Best-selling journalist Antony Loewenstein trav­els across Afghanistan, Pakistan, Haiti, Papua New Guinea, the United States, Britain, Greece, and Australia to witness the reality of disaster capitalism. He discovers how companies such as G4S, Serco, and Halliburton cash in on or­ganized misery in a hidden world of privatized detention centers, militarized private security, aid profiteering, and destructive mining.

Disaster has become big business. Talking to immigrants stuck in limbo in Britain or visiting immigration centers in America, Loewenstein maps the secret networks formed to help cor­porations bleed what profits they can from economic crisis. He debates with Western contractors in Afghanistan, meets the locals in post-earthquake Haiti, and in Greece finds a country at the mercy of vulture profiteers. In Papua New Guinea, he sees a local commu­nity forced to rebel against predatory resource companies and NGOs.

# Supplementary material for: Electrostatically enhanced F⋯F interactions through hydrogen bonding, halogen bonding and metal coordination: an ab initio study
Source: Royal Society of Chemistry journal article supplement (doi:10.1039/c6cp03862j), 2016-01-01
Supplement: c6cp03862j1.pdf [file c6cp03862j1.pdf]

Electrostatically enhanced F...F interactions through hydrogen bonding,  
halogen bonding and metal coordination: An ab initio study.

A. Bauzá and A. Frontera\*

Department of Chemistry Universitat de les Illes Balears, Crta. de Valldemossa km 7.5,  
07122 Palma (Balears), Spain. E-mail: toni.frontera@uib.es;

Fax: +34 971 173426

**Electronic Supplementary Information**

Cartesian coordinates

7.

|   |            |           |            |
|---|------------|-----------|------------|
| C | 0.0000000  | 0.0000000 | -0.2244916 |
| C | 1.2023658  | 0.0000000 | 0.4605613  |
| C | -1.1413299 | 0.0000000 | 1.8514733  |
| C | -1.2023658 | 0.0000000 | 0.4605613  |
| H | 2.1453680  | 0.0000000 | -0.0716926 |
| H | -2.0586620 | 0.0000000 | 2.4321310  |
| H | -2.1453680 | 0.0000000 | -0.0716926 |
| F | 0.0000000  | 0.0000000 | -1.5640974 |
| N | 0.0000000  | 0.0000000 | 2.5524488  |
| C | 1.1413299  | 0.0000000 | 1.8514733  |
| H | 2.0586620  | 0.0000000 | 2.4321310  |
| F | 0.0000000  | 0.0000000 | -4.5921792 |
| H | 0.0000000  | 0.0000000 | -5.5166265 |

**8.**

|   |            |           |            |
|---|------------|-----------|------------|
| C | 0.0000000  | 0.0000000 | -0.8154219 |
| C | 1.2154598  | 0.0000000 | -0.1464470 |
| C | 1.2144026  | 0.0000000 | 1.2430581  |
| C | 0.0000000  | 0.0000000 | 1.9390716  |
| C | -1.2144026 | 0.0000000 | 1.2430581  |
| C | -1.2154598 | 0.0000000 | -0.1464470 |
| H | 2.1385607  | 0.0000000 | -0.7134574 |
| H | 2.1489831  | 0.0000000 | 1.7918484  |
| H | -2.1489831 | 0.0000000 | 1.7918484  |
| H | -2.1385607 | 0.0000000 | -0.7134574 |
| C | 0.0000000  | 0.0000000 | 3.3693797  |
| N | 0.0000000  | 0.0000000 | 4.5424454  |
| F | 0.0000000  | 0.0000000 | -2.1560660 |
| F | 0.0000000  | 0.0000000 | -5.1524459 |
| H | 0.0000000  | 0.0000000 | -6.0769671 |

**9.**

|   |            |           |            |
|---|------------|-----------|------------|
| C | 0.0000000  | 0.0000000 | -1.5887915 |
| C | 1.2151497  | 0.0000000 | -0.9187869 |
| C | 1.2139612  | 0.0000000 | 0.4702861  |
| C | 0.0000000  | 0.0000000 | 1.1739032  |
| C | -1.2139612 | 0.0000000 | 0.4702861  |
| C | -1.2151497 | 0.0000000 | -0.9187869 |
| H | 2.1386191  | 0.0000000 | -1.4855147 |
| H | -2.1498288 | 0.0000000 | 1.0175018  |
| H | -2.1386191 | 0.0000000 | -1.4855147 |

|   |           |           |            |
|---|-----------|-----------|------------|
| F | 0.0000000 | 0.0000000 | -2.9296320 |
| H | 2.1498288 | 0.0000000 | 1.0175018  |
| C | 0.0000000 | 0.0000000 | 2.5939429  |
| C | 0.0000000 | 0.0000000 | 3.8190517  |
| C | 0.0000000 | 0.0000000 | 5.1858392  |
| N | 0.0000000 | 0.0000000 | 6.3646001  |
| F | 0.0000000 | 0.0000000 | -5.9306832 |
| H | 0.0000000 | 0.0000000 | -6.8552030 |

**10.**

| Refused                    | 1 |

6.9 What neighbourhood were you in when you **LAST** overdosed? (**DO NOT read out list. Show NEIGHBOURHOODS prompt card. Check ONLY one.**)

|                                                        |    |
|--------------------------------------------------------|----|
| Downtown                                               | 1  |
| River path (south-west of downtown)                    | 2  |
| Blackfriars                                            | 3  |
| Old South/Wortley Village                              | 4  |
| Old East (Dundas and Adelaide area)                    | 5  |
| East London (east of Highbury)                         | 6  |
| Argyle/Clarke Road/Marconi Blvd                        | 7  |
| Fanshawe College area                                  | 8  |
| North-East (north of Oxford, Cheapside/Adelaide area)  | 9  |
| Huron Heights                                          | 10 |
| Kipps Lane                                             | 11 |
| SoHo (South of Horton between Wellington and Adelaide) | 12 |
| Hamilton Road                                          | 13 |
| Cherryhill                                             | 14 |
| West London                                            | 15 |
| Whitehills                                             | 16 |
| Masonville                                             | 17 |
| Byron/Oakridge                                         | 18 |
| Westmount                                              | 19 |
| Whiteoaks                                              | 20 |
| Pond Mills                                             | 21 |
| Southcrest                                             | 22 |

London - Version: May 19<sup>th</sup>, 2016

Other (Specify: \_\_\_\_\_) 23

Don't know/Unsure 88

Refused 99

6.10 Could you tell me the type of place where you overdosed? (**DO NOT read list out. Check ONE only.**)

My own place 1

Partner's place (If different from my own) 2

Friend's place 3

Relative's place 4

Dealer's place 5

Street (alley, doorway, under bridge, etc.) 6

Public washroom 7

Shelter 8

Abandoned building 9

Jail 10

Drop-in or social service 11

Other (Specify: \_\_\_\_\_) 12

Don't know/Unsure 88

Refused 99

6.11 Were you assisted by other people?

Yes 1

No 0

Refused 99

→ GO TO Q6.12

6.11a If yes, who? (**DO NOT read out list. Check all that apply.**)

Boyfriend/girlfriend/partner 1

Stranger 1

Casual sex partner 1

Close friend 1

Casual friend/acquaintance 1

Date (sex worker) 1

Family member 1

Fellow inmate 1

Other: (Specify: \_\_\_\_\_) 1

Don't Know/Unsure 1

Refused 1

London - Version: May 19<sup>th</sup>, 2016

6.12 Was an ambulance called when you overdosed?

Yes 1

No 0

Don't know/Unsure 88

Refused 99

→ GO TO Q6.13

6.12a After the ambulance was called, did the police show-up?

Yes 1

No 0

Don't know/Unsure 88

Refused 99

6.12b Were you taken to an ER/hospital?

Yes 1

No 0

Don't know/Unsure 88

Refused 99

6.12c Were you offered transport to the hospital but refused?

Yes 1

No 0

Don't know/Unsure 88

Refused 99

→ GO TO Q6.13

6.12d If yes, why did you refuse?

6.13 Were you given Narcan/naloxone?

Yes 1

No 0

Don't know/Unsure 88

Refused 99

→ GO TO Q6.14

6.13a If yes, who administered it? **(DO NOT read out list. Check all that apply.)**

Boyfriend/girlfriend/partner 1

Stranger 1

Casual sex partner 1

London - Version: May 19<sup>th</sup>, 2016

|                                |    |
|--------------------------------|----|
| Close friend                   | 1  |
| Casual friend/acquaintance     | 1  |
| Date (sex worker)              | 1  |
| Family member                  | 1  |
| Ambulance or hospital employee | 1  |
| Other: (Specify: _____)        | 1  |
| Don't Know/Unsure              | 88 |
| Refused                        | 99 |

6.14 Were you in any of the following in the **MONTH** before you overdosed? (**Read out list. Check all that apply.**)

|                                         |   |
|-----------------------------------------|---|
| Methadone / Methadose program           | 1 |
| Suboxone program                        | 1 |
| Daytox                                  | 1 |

What emerges through Loewenstein’s re­porting is a dark history of multinational corpo­rations that, with the aid of media and political elites, have grown more powerful than national governments. In the twenty-first century, the vulnerable have become the world’s most valu­able commodity. Disaster Capitalism is published by Verso in 2015 and in paperback in January 2017.

Profits_of_doom_cover_350Vulture capitalism has seen the corporation become more powerful than the state, and yet its work is often done by stealth, supported by political and media elites. The result is privatised wars and outsourced detention centres, mining companies pillaging precious land in developing countries and struggling nations invaded by NGOs and the corporate dollar. Best-selling journalist Antony Loewenstein travels to Afghanistan, Pakistan, Haiti, Papua New Guinea and across Australia to witness the reality of this largely hidden world of privatised detention centres, outsourced aid, destructive resource wars and militarized private security. Who is involved and why? Can it be stopped? What are the alternatives in a globalised world? Profits of Doom, published in 2013 and released in an updated edition in 2014, challenges the fundamentals of our unsustainable way of life and the money-making imperatives driving it. It is released in an updated edition in 2014.